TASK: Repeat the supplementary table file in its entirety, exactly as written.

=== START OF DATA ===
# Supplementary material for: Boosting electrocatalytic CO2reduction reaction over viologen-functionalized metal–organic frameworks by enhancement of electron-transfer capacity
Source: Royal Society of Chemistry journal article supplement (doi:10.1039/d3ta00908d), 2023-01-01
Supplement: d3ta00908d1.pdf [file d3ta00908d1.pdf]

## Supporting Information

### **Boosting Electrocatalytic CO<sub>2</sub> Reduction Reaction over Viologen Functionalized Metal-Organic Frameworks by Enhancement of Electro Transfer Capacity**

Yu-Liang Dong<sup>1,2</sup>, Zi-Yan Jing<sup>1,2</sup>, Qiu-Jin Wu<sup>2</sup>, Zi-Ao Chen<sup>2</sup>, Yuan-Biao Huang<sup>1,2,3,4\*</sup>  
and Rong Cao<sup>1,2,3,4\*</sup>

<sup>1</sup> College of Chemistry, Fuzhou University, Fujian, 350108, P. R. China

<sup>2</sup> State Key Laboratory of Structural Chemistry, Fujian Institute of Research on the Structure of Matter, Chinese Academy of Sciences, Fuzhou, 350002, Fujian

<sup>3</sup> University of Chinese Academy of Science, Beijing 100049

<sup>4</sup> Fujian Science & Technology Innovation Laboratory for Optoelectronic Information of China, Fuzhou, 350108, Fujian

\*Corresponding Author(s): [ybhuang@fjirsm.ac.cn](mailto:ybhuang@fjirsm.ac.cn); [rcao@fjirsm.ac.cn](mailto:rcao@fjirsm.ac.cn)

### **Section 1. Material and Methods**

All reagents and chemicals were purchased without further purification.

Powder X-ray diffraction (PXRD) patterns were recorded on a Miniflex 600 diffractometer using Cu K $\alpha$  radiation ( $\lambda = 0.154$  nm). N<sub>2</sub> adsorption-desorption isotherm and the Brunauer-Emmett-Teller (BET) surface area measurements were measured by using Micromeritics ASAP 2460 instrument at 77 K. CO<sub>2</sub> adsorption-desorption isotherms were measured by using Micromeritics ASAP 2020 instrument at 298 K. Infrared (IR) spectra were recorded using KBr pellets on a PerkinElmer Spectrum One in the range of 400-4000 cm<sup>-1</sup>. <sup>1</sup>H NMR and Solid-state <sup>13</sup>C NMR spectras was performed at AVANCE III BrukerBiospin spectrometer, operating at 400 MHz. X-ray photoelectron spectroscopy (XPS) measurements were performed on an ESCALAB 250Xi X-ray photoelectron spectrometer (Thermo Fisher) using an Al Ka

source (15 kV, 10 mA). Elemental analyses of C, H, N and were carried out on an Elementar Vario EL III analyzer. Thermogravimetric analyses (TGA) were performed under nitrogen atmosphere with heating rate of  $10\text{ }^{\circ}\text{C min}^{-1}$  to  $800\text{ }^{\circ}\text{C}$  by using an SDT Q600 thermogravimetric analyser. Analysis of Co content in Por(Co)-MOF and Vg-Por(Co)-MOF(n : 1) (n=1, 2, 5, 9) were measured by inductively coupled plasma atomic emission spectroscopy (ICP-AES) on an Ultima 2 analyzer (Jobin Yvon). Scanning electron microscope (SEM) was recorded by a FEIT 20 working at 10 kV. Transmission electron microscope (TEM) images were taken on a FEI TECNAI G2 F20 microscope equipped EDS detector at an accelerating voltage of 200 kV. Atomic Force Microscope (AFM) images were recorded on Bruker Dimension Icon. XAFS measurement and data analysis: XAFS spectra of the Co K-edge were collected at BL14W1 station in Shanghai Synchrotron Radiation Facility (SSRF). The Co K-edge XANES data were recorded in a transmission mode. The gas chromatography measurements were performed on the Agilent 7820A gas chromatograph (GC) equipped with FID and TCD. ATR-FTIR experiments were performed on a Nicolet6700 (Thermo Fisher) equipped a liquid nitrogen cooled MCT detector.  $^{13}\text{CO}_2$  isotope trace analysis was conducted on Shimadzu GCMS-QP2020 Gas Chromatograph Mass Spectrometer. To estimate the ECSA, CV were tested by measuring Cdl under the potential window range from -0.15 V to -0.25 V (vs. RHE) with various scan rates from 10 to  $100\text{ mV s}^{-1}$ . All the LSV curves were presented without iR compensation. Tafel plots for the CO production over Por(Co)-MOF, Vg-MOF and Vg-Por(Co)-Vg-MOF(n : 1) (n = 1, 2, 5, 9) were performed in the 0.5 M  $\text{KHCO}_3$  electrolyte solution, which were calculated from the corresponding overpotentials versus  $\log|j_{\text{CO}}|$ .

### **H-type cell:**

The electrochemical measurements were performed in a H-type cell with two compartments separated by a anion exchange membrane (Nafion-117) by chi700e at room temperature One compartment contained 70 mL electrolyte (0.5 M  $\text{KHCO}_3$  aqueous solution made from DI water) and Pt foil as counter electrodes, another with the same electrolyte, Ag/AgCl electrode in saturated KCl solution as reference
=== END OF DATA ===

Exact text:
# Supplementary material for: Boosting electrocatalytic CO2reduction reaction over viologen-functionalized metal–organic frameworks by enhancement of electron-transfer capacity
Source: Royal Society of Chemistry journal article supplement (doi:10.1039/d3ta00908d), 2023-01-01
Supplement: d3ta00908d1.pdf [file d3ta00908d1.pdf]

## Supporting Information

### **Boosting Electrocatalytic CO<sub>2</sub> Reduction Reaction over Viologen Functionalized Metal-Organic Frameworks by Enhancement of Electro Transfer Capacity**

Yu-Liang Dong<sup>1,2</sup>, Zi-Yan Jing<sup>1,2</sup>, Qiu-Jin Wu<sup>2</sup>, Zi-Ao Chen<sup>2</sup>, Yuan-Biao Huang<sup>1,2,3,4\*</sup>  
and Rong Cao<sup>1,2,3,4\*</sup>

<sup>1</sup> College of Chemistry, Fuzhou University, Fujian, 350108, P. R. China

<sup>2</sup> State Key Laboratory of Structural Chemistry, Fujian Institute of Research on the Structure of Matter, Chinese Academy of Sciences, Fuzhou, 350002, Fujian

<sup>3</sup> University of Chinese Academy of Science, Beijing 100049

<sup>4</sup> Fujian Science & Technology Innovation Laboratory for Optoelectronic Information of China, Fuzhou, 350108, Fujian

\*Corresponding Author(s): [ybhuang@fjirsm.ac.cn](mailto:ybhuang@fjirsm.ac.cn); [rcao@fjirsm.ac.cn](mailto:rcao@fjirsm.ac.cn)

### **Section 1. Material and Methods**

All reagents and chemicals were purchased without further purification.

Powder X-ray diffraction (PXRD) patterns were recorded on a Miniflex 600 diffractometer using Cu K $\alpha$  radiation ( $\lambda = 0.154$  nm). N<sub>2</sub> adsorption-desorption isotherm and the Brunauer-Emmett-Teller (BET) surface area measurements were measured by using Micromeritics ASAP 2460 instrument at 77 K. CO<sub>2</sub> adsorption-desorption isotherms were measured by using Micromeritics ASAP 2020 instrument at 298 K. Infrared (IR) spectra were recorded using KBr pellets on a PerkinElmer Spectrum One in the range of 400-4000 cm<sup>-1</sup>. <sup>1</sup>H NMR and Solid-state <sup>13</sup>C NMR spectras was performed at AVANCE III BrukerBiospin spectrometer, operating at 400 MHz. X-ray photoelectron spectroscopy (XPS) measurements were performed on an ESCALAB 250Xi X-ray photoelectron spectrometer (Thermo Fisher) using an Al Ka

source (15 kV, 10 mA). Elemental analyses of C, H, N and were carried out on an Elementar Vario EL III analyzer. Thermogravimetric analyses (TGA) were performed under nitrogen atmosphere with heating rate of  $10\text{ }^{\circ}\text{C min}^{-1}$  to  $800\text{ }^{\circ}\text{C}$  by using an SDT Q600 thermogravimetric analyser. Analysis of Co content in Por(Co)-MOF and Vg-Por(Co)-MOF(n : 1) (n=1, 2, 5, 9) were measured by inductively coupled plasma atomic emission spectroscopy (ICP-AES) on an Ultima 2 analyzer (Jobin Yvon). Scanning electron microscope (SEM) was recorded by a FEIT 20 working at 10 kV. Transmission electron microscope (TEM) images were taken on a FEI TECNAI G2 F20 microscope equipped EDS detector at an accelerating voltage of 200 kV. Atomic Force Microscope (AFM) images were recorded on Bruker Dimension Icon. XAFS measurement and data analysis: XAFS spectra of the Co K-edge were collected at BL14W1 station in Shanghai Synchrotron Radiation Facility (SSRF). The Co K-edge XANES data were recorded in a transmission mode. The gas chromatography measurements were performed on the Agilent 7820A gas chromatograph (GC) equipped with FID and TCD. ATR-FTIR experiments were performed on a Nicolet6700 (Thermo Fisher) equipped a liquid nitrogen cooled MCT detector.  $^{13}\text{CO}_2$  isotope trace analysis was conducted on Shimadzu GCMS-QP2020 Gas Chromatograph Mass Spectrometer. To estimate the ECSA, CV were tested by measuring Cdl under the potential window range from -0.15 V to -0.25 V (vs. RHE) with various scan rates from 10 to  $100\text{ mV s}^{-1}$ . All the LSV curves were presented without iR compensation. Tafel plots for the CO production over Por(Co)-MOF, Vg-MOF and Vg-Por(Co)-Vg-MOF(n : 1) (n = 1, 2, 5, 9) were performed in the 0.5 M  $\text{KHCO}_3$  electrolyte solution, which were calculated from the corresponding overpotentials versus  $\log|j_{\text{CO}}|$ .

### **H-type cell:**

The electrochemical measurements were performed in a H-type cell with two compartments separated by a anion exchange membrane (Nafion-117) by chi700e at room temperature One compartment contained 70 mL electrolyte (0.5 M  $\text{KHCO}_3$  aqueous solution made from DI water) and Pt foil as counter electrodes, another with the same electrolyte, Ag/AgCl electrode in saturated KCl solution as reference